Battles of Invernhaven And Perth – 1300s
That said, let me try and redeem myself for picking on Scott. We will say we can assume he had been attempting to be as accurate as possible about the history of the battle in his story. Even then, however, we must bear an important fact in mind: Scott was writing 400 years after the event had taken place! Of course, truth be told, if he had come on the scene a few centuries earlier, he would likely still have had only fragmentary documentation from which to derive his accounts and reflections. Poor preservation, the changing of monarchies and their need to influence history, shifts from home to foreign rule (events, incidentally, often leading to purposeful omissions by the new regimes), variations in language and what was lost in translation, and so on had already left a mark on the historical records. If there are gaps to be filled, well, there’s nothing better than the stuff of “educated” imagination. The passage of 400 years is more than enough time to dilute fact with fiction in any case, but, if Scott studied and wrote about it, it must be accurate, right? Thus begins a pattern of holding to the “facts” spawned by a cherished national figure and, coupled with the age-old tradition of handing down and embellishing stories, a trend toward the diversion and elaboration of details.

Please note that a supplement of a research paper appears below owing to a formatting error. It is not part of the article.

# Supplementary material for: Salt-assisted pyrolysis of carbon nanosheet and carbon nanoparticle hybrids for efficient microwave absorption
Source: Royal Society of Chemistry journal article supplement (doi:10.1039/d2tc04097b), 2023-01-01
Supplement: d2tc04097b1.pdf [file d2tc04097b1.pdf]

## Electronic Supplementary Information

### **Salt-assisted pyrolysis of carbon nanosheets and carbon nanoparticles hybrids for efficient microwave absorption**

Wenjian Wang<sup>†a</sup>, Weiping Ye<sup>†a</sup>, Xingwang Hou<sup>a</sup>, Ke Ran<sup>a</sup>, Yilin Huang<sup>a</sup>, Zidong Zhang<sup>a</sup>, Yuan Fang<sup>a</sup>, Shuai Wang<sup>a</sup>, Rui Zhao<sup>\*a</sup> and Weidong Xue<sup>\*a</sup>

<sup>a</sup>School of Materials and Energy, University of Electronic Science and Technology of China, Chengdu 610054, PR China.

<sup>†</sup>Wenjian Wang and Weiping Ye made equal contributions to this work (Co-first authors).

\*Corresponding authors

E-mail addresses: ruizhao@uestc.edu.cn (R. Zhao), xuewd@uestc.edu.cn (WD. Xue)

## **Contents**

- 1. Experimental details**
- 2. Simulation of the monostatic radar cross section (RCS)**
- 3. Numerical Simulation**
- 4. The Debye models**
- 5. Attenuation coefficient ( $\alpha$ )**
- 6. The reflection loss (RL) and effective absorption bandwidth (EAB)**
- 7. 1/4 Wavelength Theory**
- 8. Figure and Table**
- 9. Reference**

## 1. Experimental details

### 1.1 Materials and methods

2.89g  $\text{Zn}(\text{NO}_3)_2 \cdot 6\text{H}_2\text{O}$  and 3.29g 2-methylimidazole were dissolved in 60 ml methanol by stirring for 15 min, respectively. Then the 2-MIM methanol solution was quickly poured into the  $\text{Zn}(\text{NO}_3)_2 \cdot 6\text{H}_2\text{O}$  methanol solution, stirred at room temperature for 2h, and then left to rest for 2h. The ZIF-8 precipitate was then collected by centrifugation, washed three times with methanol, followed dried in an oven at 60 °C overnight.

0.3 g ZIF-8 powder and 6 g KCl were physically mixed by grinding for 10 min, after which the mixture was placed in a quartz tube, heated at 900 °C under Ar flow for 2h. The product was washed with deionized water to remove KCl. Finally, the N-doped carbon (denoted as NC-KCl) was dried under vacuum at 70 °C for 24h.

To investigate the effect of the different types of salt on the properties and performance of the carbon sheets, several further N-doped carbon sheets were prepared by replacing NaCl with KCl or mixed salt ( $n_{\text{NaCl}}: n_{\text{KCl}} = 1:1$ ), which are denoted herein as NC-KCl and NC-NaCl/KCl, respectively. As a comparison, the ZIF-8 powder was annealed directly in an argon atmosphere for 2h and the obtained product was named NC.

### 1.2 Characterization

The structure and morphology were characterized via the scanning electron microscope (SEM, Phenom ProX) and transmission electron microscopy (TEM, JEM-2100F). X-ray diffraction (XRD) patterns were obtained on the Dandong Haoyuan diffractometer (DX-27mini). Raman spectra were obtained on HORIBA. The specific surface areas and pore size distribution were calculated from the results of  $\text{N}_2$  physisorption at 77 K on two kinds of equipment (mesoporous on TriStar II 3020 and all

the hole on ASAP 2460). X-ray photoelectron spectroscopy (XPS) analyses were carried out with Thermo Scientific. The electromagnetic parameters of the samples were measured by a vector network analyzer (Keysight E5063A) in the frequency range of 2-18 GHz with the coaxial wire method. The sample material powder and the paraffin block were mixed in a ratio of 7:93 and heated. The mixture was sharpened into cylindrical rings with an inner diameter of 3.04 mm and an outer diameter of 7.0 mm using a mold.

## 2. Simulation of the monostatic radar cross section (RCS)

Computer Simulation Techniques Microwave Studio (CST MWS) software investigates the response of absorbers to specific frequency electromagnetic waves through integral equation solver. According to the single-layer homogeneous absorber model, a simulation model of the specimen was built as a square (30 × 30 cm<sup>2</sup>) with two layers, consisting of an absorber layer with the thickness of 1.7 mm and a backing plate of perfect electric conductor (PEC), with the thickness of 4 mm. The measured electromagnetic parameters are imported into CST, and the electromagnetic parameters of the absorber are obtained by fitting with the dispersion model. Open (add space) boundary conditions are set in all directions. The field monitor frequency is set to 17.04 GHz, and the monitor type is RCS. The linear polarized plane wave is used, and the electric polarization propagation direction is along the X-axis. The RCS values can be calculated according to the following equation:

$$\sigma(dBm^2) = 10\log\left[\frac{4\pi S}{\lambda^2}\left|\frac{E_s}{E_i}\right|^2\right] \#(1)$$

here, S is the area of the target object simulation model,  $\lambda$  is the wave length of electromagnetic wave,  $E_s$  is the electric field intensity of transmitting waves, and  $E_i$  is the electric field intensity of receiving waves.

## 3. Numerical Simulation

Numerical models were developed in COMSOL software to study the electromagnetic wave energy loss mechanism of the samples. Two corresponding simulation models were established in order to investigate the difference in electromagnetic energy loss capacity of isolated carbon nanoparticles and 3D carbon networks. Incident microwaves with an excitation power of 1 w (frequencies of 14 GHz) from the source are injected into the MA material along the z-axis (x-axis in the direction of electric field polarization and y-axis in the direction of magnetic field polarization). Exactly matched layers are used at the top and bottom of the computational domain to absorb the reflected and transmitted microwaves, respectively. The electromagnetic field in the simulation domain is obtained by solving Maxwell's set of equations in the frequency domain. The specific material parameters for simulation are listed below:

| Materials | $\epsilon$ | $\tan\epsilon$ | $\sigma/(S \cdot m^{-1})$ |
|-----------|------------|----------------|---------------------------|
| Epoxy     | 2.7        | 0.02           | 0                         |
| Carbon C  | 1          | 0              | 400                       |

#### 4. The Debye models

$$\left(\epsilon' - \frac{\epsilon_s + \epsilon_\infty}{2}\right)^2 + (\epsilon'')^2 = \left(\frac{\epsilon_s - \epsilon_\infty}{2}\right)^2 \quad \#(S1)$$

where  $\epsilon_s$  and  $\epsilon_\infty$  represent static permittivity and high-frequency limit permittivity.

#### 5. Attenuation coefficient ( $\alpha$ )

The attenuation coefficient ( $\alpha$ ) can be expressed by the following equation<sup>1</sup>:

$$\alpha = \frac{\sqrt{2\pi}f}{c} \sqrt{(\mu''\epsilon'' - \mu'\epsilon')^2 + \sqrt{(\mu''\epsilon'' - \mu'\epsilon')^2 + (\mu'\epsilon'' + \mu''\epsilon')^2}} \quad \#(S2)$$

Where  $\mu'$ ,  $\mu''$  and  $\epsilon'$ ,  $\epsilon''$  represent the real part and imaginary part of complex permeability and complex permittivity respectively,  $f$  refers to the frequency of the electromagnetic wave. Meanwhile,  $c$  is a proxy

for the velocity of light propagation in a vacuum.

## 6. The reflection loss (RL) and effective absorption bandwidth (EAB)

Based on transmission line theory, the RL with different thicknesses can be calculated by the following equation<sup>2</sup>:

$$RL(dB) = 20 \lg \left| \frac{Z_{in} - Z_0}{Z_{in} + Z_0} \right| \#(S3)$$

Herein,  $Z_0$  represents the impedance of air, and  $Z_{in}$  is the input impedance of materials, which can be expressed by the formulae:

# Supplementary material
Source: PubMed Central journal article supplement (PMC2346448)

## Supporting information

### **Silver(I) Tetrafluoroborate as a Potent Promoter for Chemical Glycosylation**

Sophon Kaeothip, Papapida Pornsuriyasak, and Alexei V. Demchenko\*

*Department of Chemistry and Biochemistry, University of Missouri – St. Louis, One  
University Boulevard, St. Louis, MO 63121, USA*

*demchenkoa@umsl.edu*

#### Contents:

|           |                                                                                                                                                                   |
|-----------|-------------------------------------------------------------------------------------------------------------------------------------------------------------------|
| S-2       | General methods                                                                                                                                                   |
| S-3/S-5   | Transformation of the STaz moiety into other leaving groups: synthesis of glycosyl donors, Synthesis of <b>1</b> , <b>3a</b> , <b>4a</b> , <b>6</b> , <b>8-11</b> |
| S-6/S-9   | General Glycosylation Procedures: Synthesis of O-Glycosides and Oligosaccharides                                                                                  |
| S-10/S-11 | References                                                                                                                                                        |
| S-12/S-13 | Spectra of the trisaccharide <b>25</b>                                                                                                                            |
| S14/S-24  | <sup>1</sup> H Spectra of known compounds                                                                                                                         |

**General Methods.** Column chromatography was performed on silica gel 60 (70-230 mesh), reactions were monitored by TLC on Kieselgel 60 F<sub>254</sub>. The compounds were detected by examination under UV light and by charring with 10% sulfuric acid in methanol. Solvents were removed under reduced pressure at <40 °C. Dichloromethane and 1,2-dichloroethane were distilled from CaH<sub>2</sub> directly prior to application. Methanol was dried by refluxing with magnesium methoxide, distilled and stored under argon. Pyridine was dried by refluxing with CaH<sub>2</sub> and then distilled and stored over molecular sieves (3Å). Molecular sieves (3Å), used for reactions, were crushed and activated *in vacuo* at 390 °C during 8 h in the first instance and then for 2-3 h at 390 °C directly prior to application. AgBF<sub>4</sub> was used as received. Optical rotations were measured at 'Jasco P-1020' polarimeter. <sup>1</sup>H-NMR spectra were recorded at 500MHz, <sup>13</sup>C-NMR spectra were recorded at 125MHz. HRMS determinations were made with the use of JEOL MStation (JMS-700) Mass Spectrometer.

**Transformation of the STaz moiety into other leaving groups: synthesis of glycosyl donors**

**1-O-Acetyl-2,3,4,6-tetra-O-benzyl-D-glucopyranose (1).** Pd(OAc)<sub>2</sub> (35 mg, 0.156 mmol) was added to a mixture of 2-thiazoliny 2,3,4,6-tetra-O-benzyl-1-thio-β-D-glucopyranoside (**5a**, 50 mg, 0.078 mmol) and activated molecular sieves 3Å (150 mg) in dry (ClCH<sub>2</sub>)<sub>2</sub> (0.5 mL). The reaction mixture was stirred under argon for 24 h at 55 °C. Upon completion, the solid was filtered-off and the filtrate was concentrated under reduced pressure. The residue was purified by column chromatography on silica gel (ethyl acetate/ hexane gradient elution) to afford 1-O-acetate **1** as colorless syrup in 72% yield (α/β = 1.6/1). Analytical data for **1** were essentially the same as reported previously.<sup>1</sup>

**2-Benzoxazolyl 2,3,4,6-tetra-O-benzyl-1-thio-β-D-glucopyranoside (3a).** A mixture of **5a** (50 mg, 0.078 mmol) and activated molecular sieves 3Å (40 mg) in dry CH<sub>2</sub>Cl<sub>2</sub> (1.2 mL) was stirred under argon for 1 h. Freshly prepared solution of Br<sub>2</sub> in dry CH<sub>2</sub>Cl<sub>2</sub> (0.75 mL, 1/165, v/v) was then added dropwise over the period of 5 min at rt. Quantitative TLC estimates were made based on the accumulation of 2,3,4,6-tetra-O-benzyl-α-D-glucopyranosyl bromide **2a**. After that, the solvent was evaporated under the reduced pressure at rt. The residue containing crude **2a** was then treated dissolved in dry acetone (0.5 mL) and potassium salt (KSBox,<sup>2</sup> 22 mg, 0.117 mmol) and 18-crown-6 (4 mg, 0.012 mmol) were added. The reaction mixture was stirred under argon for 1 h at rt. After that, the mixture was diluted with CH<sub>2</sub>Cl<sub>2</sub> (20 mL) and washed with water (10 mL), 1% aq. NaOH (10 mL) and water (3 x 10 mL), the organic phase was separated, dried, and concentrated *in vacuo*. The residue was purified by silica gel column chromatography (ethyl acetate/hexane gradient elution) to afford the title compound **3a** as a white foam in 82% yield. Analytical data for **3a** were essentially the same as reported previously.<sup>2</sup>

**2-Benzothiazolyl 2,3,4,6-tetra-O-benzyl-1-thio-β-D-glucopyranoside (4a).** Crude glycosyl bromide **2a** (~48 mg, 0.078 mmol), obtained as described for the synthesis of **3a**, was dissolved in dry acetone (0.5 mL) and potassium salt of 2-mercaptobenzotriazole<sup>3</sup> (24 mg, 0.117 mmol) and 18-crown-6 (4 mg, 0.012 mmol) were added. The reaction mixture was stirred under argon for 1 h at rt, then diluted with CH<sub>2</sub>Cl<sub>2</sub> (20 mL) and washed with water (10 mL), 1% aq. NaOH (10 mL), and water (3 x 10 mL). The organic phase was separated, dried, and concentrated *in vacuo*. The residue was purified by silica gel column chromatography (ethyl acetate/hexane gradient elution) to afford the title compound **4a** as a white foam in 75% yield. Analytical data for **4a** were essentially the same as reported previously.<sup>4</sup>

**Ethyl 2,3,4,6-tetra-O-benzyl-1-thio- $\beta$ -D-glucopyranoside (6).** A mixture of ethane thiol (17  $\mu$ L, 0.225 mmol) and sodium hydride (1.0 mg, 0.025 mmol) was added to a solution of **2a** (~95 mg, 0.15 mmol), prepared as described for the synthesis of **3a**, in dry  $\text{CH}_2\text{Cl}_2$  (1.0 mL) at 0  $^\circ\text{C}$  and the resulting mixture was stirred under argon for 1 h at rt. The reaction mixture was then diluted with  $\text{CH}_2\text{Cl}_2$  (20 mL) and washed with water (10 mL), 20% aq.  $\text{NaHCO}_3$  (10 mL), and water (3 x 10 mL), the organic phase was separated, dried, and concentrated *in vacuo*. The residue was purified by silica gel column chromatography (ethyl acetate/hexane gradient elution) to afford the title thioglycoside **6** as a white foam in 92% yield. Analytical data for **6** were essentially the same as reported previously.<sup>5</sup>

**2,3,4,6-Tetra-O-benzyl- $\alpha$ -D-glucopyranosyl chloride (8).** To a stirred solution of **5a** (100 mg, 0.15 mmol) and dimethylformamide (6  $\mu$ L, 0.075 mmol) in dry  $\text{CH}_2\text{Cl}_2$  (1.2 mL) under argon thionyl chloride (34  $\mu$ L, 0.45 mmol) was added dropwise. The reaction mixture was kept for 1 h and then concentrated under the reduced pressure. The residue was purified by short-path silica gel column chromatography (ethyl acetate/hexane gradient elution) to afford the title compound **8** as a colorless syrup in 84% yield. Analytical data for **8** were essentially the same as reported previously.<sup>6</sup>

Therefore, we begin with an already romanticized account as a launching point. Then, with a twist here, a tweak there, and a bit of assumption thrown in – just for taste – we find ourselves confronted with a good many variations on a theme as time goes by. Some have at least small overlaps, possibly pointing toward a semblance of “truth,” but this is the greatest problem: which version is true or, at least, has the most truth to it (if indeed any do)? Which has the proof to back it up? As already mentioned, the
written records Scott studied were fragmentary and previously “interpreted.” History, however, seems discontent to remain in the realm of supposition and guesswork. In fact, if we